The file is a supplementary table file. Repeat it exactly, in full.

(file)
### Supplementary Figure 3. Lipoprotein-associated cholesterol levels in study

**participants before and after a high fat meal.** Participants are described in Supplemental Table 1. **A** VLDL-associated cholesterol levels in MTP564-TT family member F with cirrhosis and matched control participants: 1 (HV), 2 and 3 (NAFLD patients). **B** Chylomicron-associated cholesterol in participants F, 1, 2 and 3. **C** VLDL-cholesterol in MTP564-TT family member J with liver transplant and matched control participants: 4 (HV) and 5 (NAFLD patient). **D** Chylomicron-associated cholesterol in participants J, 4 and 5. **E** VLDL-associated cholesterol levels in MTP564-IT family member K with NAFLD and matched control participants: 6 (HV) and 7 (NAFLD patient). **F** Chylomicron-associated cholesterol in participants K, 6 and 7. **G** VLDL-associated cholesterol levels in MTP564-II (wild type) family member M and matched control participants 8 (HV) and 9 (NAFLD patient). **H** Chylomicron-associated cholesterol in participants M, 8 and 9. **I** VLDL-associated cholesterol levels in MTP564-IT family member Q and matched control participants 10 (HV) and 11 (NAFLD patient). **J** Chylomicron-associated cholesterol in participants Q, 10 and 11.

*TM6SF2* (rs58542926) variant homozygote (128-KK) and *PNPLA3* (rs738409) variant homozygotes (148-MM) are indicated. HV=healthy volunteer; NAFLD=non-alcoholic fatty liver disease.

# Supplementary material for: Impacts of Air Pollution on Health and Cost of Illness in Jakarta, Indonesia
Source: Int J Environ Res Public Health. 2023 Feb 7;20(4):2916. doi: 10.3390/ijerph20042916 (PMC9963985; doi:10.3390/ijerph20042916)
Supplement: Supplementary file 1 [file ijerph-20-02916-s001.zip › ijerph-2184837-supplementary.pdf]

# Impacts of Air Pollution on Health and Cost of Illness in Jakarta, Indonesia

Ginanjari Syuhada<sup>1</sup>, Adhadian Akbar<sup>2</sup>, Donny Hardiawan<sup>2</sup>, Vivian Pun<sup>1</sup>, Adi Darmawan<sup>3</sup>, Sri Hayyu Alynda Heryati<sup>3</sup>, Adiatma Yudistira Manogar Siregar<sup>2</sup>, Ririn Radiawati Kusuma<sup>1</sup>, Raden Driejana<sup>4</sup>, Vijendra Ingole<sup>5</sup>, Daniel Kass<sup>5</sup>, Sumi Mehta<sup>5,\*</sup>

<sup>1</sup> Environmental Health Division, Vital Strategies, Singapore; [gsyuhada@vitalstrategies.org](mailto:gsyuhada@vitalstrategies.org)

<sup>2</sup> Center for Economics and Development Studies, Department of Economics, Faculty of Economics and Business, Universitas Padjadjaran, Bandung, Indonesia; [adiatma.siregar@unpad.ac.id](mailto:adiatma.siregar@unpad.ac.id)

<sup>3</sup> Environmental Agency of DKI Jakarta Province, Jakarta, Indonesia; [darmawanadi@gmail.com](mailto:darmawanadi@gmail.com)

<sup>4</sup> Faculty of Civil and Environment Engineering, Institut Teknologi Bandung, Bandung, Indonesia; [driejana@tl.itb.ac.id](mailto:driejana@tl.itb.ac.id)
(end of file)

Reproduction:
### Supplementary Figure 3. Lipoprotein-associated cholesterol levels in study

**participants before and after a high fat meal.** Participants are described in Supplemental Table 1. **A** VLDL-associated cholesterol levels in MTP564-TT family member F with cirrhosis and matched control participants: 1 (HV), 2 and 3 (NAFLD patients). **B** Chylomicron-associated cholesterol in participants F, 1, 2 and 3. **C** VLDL-cholesterol in MTP564-TT family member J with liver transplant and matched control participants: 4 (HV) and 5 (NAFLD patient). **D** Chylomicron-associated cholesterol in participants J, 4 and 5. **E** VLDL-associated cholesterol levels in MTP564-IT family member K with NAFLD and matched control participants: 6 (HV) and 7 (NAFLD patient). **F** Chylomicron-associated cholesterol in participants K, 6 and 7. **G** VLDL-associated cholesterol levels in MTP564-II (wild type) family member M and matched control participants 8 (HV) and 9 (NAFLD patient). **H** Chylomicron-associated cholesterol in participants M, 8 and 9. **I** VLDL-associated cholesterol levels in MTP564-IT family member Q and matched control participants 10 (HV) and 11 (NAFLD patient). **J** Chylomicron-associated cholesterol in participants Q, 10 and 11.

*TM6SF2* (rs58542926) variant homozygote (128-KK) and *PNPLA3* (rs738409) variant homozygotes (148-MM) are indicated. HV=healthy volunteer; NAFLD=non-alcoholic fatty liver disease.

# Supplementary material for: Impacts of Air Pollution on Health and Cost of Illness in Jakarta, Indonesia
Source: Int J Environ Res Public Health. 2023 Feb 7;20(4):2916. doi: 10.3390/ijerph20042916 (PMC9963985; doi:10.3390/ijerph20042916)
Supplement: Supplementary file 1 [file ijerph-20-02916-s001.zip › ijerph-2184837-supplementary.pdf]

# Impacts of Air Pollution on Health and Cost of Illness in Jakarta, Indonesia

Ginanjari Syuhada<sup>1</sup>, Adhadian Akbar<sup>2</sup>, Donny Hardiawan<sup>2</sup>, Vivian Pun<sup>1</sup>, Adi Darmawan<sup>3</sup>, Sri Hayyu Alynda Heryati<sup>3</sup>, Adiatma Yudistira Manogar Siregar<sup>2</sup>, Ririn Radiawati Kusuma<sup>1</sup>, Raden Driejana<sup>4</sup>, Vijendra Ingole<sup>5</sup>, Daniel Kass<sup>5</sup>, Sumi Mehta<sup>5,\*</sup>

<sup>1</sup> Environmental Health Division, Vital Strategies, Singapore; [gsyuhada@vitalstrategies.org](mailto:gsyuhada@vitalstrategies.org)

<sup>2</sup> Center for Economics and Development Studies, Department of Economics, Faculty of Economics and Business, Universitas Padjadjaran, Bandung, Indonesia; [adiatma.siregar@unpad.ac.id](mailto:adiatma.siregar@unpad.ac.id)

<sup>3</sup> Environmental Agency of DKI Jakarta Province, Jakarta, Indonesia; [darmawanadi@gmail.com](mailto:darmawanadi@gmail.com)

<sup>4</sup> Faculty of Civil and Environment Engineering, Institut Teknologi Bandung, Bandung, Indonesia; [driejana@tl.itb.ac.id](mailto:driejana@tl.itb.ac.id)